Charlie Munger, Vice-Chairman of Berkshire Hathaway, vividly illustrates this concept (the pricing power of a brand name) by using Wrigley's chewing gum as an example...
Companies with pricing power are, in most cases, extremely profitable. This is a good sign not just for profits, but for sustained profits.
Force a business to compete on price and its margins will shrink until the very existence of the business as an ongoing concern comes into question. This is the typical life cycle of a commodity business (one with no identifiable competitive advantage).
So avoid companies with no identifiable competitive advantage.
Because when you have a product that's essentially identical to your competitor's product, then your only available option is to compete on price. This eventually sparks a price war which destroys the profit margins of all the businesses involved.
But branded products and services don't have to compete on price. Consumers are willing to pay a little bit more for the quality they promise.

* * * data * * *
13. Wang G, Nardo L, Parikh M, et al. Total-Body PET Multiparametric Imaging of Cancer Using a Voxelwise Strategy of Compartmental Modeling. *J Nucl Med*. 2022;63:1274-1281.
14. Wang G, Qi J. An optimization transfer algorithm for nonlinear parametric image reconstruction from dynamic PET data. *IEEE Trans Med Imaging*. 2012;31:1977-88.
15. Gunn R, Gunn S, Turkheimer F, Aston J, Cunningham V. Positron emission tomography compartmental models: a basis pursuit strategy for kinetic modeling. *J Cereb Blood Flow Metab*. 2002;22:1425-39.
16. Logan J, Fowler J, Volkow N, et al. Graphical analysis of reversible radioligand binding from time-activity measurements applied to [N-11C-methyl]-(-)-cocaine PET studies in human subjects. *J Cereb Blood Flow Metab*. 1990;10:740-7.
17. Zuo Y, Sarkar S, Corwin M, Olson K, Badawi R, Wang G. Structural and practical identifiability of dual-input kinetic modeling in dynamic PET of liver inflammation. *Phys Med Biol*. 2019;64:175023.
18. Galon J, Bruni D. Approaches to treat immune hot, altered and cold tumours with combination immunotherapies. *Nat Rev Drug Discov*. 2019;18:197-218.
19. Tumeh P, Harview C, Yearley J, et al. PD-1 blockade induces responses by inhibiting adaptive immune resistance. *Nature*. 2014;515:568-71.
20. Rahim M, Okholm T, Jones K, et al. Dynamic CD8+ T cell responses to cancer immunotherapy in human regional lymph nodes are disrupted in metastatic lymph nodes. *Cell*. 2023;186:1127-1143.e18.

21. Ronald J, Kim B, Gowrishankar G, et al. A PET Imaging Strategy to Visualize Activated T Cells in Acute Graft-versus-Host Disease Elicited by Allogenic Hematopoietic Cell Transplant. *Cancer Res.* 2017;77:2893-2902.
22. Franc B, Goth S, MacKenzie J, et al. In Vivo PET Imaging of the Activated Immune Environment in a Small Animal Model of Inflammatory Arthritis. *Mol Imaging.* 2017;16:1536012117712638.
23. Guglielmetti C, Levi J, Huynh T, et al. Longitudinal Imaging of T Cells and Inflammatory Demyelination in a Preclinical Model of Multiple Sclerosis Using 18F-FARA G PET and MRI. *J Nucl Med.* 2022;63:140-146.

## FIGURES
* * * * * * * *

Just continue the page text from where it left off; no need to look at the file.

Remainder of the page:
As a result, companies selling branded products and services can raise prices every once and a while without losing market share. This leads not only to a stream of strong and healthy profits, but a growing stream of corporate earnings capable of out-pacing inflation.
The Need to Beat Inflation
If you want your Roth IRA's investment returns to generate a comfortable sum for your retirement, it's absolutely necessary for your returns out-pace inflation.
Because over time, inflation eats away at the purchasing power of your savings.
For example, if your Roth IRA returns 5% annually for thirty years, but inflation over the same time period is also 5%, then you haven't earned a dime on your money. You've just been marking time.
Owning a slice of the earnings of a great business can help you overcome the inflation obstacle.
Envision the following scenario...
Inflation is 4%. Commodity prices rise along with inflation, so as a result, the raw inputs for most products are more expensive. In an effort to pass along the higher cost of producing its products, a commodity business increases the price of its product by 4%. But one of its competitors, a branded business, increases the price of its product 5% because market research reveals its customers will gladly pay a little bit more for the familiarity their product offers.
That extra 1% price increase adds up to a lot, and the branded company just increased its profits and profit margin at a rate faster than inflation.
Over time, this helps the business owner's earnings stay a step ahead of inflation...